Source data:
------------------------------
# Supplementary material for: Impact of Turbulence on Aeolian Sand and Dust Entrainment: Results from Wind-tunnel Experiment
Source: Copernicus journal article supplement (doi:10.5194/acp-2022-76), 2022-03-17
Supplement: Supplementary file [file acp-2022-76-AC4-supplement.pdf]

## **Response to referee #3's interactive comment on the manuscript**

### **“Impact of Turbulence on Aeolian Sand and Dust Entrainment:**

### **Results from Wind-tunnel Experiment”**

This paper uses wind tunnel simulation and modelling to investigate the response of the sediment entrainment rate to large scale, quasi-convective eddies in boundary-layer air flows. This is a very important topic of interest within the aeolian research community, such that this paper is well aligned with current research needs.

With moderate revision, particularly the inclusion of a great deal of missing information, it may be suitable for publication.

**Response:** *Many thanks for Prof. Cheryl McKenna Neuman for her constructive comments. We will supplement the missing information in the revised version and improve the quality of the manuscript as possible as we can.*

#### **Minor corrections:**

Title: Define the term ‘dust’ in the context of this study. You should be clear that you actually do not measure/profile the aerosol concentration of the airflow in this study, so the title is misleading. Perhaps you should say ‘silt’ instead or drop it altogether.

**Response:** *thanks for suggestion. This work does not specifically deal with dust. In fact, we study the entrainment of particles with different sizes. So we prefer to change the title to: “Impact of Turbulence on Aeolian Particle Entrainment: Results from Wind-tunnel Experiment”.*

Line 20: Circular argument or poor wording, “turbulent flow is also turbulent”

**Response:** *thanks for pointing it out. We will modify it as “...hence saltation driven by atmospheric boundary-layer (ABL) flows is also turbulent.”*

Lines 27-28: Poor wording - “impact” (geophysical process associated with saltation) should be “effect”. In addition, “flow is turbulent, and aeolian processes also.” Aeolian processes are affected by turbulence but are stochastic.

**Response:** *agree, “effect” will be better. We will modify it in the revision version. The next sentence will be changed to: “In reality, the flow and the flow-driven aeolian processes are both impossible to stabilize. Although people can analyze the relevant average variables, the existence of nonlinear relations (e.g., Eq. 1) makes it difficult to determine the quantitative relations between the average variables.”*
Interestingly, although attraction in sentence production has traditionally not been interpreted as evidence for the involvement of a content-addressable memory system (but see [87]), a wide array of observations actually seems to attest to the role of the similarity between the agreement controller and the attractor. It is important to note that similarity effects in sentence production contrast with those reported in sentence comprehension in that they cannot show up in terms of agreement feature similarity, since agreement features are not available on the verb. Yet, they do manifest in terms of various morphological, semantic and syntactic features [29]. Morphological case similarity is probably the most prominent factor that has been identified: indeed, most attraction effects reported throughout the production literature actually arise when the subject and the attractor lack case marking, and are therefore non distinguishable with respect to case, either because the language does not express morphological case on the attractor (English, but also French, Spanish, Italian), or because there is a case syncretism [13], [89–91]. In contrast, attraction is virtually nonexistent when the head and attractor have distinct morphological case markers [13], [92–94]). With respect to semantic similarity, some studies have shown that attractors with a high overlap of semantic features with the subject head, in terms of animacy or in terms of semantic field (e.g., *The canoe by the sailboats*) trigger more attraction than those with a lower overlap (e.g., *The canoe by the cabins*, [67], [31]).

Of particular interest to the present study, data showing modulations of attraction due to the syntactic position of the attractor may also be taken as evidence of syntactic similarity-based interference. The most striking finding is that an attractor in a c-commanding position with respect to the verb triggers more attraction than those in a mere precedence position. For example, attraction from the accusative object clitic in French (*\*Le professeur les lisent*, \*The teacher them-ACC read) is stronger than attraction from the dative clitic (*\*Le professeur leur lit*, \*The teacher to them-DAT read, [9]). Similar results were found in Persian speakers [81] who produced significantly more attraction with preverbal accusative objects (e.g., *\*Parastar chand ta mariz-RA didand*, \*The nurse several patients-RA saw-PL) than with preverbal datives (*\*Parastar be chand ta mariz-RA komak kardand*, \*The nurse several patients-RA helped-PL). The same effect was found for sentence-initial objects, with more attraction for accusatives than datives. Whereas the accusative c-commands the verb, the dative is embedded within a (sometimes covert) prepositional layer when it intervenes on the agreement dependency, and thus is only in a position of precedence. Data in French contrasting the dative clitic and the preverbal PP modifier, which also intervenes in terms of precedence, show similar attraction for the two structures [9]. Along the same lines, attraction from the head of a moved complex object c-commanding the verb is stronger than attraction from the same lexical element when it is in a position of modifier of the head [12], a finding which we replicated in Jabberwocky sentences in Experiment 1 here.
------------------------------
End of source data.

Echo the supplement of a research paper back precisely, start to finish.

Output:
# Supplementary material for: Impact of Turbulence on Aeolian Sand and Dust Entrainment: Results from Wind-tunnel Experiment
Source: Copernicus journal article supplement (doi:10.5194/acp-2022-76), 2022-03-17
Supplement: Supplementary file [file acp-2022-76-AC4-supplement.pdf]

## **Response to referee #3's interactive comment on the manuscript**

### **“Impact of Turbulence on Aeolian Sand and Dust Entrainment:**

### **Results from Wind-tunnel Experiment”**

This paper uses wind tunnel simulation and modelling to investigate the response of the sediment entrainment rate to large scale, quasi-convective eddies in boundary-layer air flows. This is a very important topic of interest within the aeolian research community, such that this paper is well aligned with current research needs.

With moderate revision, particularly the inclusion of a great deal of missing information, it may be suitable for publication.

**Response:** *Many thanks for Prof. Cheryl McKenna Neuman for her constructive comments. We will supplement the missing information in the revised version and improve the quality of the manuscript as possible as we can.*

#### **Minor corrections:**

Title: Define the term ‘dust’ in the context of this study. You should be clear that you actually do not measure/profile the aerosol concentration of the airflow in this study, so the title is misleading. Perhaps you should say ‘silt’ instead or drop it altogether.

**Response:** *thanks for suggestion. This work does not specifically deal with dust. In fact, we study the entrainment of particles with different sizes. So we prefer to change the title to: “Impact of Turbulence on Aeolian Particle Entrainment: Results from Wind-tunnel Experiment”.*

Line 20: Circular argument or poor wording, “turbulent flow is also turbulent”

**Response:** *thanks for pointing it out. We will modify it as “...hence saltation driven by atmospheric boundary-layer (ABL) flows is also turbulent.”*

Lines 27-28: Poor wording - “impact” (geophysical process associated with saltation) should be “effect”. In addition, “flow is turbulent, and aeolian processes also.” Aeolian processes are affected by turbulence but are stochastic.

**Response:** *agree, “effect” will be better. We will modify it in the revision version. The next sentence will be changed to: “In reality, the flow and the flow-driven aeolian processes are both impossible to stabilize. Although people can analyze the relevant average variables, the existence of nonlinear relations (e.g., Eq. 1) makes it difficult to determine the quantitative relations between the average variables.”*
Interestingly, although attraction in sentence production has traditionally not been interpreted as evidence for the involvement of a content-addressable memory system (but see [87]), a wide array of observations actually seems to attest to the role of the similarity between the agreement controller and the attractor. It is important to note that similarity effects in sentence production contrast with those reported in sentence comprehension in that they cannot show up in terms of agreement feature similarity, since agreement features are not available on the verb. Yet, they do manifest in terms of various morphological, semantic and syntactic features [29]. Morphological case similarity is probably the most prominent factor that has been identified: indeed, most attraction effects reported throughout the production literature actually arise when the subject and the attractor lack case marking, and are therefore non distinguishable with respect to case, either because the language does not express morphological case on the attractor (English, but also French, Spanish, Italian), or because there is a case syncretism [13], [89–91]. In contrast, attraction is virtually nonexistent when the head and attractor have distinct morphological case markers [13], [92–94]). With respect to semantic similarity, some studies have shown that attractors with a high overlap of semantic features with the subject head, in terms of animacy or in terms of semantic field (e.g., *The canoe by the sailboats*) trigger more attraction than those with a lower overlap (e.g., *The canoe by the cabins*, [67], [31]).

Of particular interest to the present study, data showing modulations of attraction due to the syntactic position of the attractor may also be taken as evidence of syntactic similarity-based interference. The most striking finding is that an attractor in a c-commanding position with respect to the verb triggers more attraction than those in a mere precedence position. For example, attraction from the accusative object clitic in French (*\*Le professeur les lisent*, \*The teacher them-ACC read) is stronger than attraction from the dative clitic (*\*Le professeur leur lit*, \*The teacher to them-DAT read, [9]). Similar results were found in Persian speakers [81] who produced significantly more attraction with preverbal accusative objects (e.g., *\*Parastar chand ta mariz-RA didand*, \*The nurse several patients-RA saw-PL) than with preverbal datives (*\*Parastar be chand ta mariz-RA komak kardand*, \*The nurse several patients-RA helped-PL). The same effect was found for sentence-initial objects, with more attraction for accusatives than datives. Whereas the accusative c-commands the verb, the dative is embedded within a (sometimes covert) prepositional layer when it intervenes on the agreement dependency, and thus is only in a position of precedence. Data in French contrasting the dative clitic and the preverbal PP modifier, which also intervenes in terms of precedence, show similar attraction for the two structures [9]. Along the same lines, attraction from the head of a moved complex object c-commanding the verb is stronger than attraction from the same lexical element when it is in a position of modifier of the head [12], a finding which we replicated in Jabberwocky sentences in Experiment 1 here.